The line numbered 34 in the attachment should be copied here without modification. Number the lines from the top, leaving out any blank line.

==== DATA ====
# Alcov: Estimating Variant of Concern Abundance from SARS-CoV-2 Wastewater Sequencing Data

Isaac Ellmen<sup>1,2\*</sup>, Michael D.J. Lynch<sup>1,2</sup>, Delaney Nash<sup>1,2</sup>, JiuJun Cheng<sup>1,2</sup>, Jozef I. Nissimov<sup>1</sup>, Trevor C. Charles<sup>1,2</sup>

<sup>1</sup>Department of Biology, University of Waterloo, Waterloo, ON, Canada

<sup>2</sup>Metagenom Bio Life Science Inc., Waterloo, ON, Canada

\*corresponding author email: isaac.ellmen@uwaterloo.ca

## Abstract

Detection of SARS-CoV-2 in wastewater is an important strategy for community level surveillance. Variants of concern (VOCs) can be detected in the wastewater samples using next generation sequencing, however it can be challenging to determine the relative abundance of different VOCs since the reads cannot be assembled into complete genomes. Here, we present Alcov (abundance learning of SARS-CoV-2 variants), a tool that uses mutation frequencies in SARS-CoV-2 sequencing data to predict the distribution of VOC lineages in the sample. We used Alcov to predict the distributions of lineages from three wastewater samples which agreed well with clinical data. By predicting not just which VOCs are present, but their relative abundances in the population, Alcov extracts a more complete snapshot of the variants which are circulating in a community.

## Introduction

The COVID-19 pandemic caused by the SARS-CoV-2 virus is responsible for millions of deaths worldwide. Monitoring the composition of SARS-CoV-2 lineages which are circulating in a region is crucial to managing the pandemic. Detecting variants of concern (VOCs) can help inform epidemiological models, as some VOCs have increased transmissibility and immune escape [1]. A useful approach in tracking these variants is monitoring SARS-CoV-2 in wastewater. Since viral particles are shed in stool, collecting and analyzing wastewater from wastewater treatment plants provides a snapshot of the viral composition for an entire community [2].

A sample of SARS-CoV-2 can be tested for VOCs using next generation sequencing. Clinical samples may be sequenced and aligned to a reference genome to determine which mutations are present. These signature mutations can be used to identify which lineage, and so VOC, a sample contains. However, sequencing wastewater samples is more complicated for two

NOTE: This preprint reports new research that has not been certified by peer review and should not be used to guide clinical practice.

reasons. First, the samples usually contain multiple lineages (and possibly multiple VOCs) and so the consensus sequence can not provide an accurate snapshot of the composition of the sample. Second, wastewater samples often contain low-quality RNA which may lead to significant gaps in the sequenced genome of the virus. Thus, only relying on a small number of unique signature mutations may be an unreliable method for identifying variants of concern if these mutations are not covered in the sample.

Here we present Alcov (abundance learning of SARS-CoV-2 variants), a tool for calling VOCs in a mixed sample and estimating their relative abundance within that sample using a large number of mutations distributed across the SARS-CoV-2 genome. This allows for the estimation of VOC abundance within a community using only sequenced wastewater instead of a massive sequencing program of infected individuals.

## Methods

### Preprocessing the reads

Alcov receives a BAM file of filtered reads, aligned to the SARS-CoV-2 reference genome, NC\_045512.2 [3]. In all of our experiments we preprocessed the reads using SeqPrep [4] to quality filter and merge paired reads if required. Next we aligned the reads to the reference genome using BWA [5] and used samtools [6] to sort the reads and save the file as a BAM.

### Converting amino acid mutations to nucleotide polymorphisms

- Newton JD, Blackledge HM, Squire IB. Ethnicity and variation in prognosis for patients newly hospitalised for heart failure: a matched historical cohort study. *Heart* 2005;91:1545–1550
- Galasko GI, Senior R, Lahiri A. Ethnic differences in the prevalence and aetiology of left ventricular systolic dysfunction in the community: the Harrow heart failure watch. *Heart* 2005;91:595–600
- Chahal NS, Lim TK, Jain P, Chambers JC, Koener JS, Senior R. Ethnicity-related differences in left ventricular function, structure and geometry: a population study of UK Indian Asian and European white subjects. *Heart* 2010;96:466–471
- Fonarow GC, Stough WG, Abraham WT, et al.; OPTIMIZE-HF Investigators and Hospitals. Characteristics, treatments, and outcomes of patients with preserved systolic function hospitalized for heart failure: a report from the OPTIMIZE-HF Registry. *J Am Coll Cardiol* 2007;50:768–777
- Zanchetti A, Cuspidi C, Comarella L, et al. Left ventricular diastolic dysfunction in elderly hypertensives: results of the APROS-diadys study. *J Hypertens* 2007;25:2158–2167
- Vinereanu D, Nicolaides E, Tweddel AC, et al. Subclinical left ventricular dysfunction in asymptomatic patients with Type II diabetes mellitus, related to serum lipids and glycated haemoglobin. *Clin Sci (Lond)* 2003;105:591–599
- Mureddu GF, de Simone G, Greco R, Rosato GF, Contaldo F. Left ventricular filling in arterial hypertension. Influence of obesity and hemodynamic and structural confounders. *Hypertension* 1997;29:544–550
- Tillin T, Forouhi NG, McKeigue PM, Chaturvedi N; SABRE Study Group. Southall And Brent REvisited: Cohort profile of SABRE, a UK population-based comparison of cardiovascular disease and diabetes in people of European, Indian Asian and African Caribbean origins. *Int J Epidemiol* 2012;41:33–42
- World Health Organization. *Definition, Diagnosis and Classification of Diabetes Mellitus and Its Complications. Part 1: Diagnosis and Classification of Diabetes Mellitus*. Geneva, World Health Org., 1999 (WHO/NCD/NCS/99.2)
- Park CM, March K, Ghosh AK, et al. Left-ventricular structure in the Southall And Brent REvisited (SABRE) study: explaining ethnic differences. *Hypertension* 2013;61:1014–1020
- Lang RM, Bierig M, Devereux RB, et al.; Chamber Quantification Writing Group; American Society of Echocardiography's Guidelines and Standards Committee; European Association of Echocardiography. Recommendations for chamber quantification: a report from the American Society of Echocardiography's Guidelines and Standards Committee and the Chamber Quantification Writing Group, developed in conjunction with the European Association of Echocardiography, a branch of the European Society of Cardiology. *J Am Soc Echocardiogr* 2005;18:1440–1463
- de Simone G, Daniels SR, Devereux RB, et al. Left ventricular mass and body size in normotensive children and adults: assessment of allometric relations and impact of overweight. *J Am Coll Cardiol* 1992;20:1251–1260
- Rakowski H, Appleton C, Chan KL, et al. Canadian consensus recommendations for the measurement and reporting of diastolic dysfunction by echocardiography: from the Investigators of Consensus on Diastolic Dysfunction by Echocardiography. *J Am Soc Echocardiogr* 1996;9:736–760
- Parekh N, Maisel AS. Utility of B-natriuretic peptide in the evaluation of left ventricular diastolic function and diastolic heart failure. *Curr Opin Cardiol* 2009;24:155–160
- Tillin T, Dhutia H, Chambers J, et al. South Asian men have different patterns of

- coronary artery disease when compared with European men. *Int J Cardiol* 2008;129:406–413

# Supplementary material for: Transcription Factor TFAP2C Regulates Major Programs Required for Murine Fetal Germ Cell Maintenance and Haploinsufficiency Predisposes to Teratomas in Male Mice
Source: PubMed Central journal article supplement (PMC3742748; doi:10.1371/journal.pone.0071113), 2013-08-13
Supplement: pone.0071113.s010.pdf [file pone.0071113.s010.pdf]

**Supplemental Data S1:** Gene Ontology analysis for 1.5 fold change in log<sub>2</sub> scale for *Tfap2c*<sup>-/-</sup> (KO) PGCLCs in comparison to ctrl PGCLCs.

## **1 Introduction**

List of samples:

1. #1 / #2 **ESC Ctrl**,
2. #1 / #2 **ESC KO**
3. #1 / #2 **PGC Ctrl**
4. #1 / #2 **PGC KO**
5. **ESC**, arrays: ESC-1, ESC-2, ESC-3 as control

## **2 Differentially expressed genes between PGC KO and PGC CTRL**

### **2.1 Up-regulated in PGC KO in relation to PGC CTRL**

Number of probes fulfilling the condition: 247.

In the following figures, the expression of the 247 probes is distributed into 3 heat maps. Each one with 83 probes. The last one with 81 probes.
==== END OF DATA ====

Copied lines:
# Supplementary material for: Transcription Factor TFAP2C Regulates Major Programs Required for Murine Fetal Germ Cell Maintenance and Haploinsufficiency Predisposes to Teratomas in Male Mice